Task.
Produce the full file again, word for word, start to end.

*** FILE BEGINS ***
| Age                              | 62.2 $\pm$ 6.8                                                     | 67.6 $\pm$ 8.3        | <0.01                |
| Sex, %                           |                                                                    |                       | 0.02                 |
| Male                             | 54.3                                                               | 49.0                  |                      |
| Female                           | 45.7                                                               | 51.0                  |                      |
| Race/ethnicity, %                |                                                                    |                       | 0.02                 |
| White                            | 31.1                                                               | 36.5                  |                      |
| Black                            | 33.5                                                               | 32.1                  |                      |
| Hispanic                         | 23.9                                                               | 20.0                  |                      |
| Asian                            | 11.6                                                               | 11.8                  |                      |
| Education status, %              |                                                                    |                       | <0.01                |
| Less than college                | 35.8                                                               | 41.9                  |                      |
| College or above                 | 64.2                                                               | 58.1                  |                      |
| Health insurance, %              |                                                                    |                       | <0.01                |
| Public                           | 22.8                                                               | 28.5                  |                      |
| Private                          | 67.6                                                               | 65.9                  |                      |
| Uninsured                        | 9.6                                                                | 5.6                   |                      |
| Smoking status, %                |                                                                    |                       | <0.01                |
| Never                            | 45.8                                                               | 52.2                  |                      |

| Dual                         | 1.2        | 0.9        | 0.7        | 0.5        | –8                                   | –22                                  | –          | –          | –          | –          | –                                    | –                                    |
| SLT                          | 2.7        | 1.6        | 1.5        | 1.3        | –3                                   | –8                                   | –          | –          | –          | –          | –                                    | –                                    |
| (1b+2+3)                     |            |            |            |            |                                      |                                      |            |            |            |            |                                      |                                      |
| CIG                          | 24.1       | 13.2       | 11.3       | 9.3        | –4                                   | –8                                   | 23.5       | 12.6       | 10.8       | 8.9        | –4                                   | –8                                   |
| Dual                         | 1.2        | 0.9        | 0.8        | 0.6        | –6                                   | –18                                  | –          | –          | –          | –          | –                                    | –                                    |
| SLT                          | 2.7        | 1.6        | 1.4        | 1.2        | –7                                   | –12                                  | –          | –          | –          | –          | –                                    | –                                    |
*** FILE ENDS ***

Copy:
| Age                              | 62.2 $\pm$ 6.8                                                     | 67.6 $\pm$ 8.3        | <0.01                |
| Sex, %                           |                                                                    |                       | 0.02                 |
| Male                             | 54.3                                                               | 49.0                  |                      |
| Female                           | 45.7                                                               | 51.0                  |                      |
| Race/ethnicity, %                |                                                                    |                       | 0.02                 |
| White                            | 31.1                                                               | 36.5                  |                      |
| Black                            | 33.5                                                               | 32.1                  |                      |
| Hispanic                         | 23.9                                                               | 20.0                  |                      |
| Asian                            | 11.6                                                               | 11.8                  |                      |
| Education status, %              |                                                                    |                       | <0.01                |
| Less than college                | 35.8                                                               | 41.9                  |                      |
| College or above                 | 64.2                                                               | 58.1                  |                      |
| Health insurance, %              |                                                                    |                       | <0.01                |
| Public                           | 22.8                                                               | 28.5                  |                      |
| Private                          | 67.6                                                               | 65.9                  |                      |
| Uninsured                        | 9.6                                                                | 5.6                   |                      |
| Smoking status, %                |                                                                    |                       | <0.01                |
| Never                            | 45.8                                                               | 52.2                  |                      |

| Dual                         | 1.2        | 0.9        | 0.7        | 0.5        | –8                                   | –22                                  | –          | –          | –          | –          | –                                    | –                                    |
| SLT                          | 2.7        | 1.6        | 1.5        | 1.3        | –3                                   | –8                                   | –          | –          | –          | –          | –                                    | –                                    |
| (1b+2+3)                     |            |            |            |            |                                      |                                      |            |            |            |            |                                      |                                      |
| CIG                          | 24.1       | 13.2       | 11.3       | 9.3        | –4                                   | –8                                   | 23.5       | 12.6       | 10.8       | 8.9        | –4                                   | –8                                   |
| Dual                         | 1.2        | 0.9        | 0.8        | 0.6        | –6                                   | –18                                  | –          | –          | –          | –          | –                                    | –                                    |
| SLT                          | 2.7        | 1.6        | 1.4        | 1.2        | –7                                   | –12                                  | –          | –          | –          | –          | –                                    | –                                    |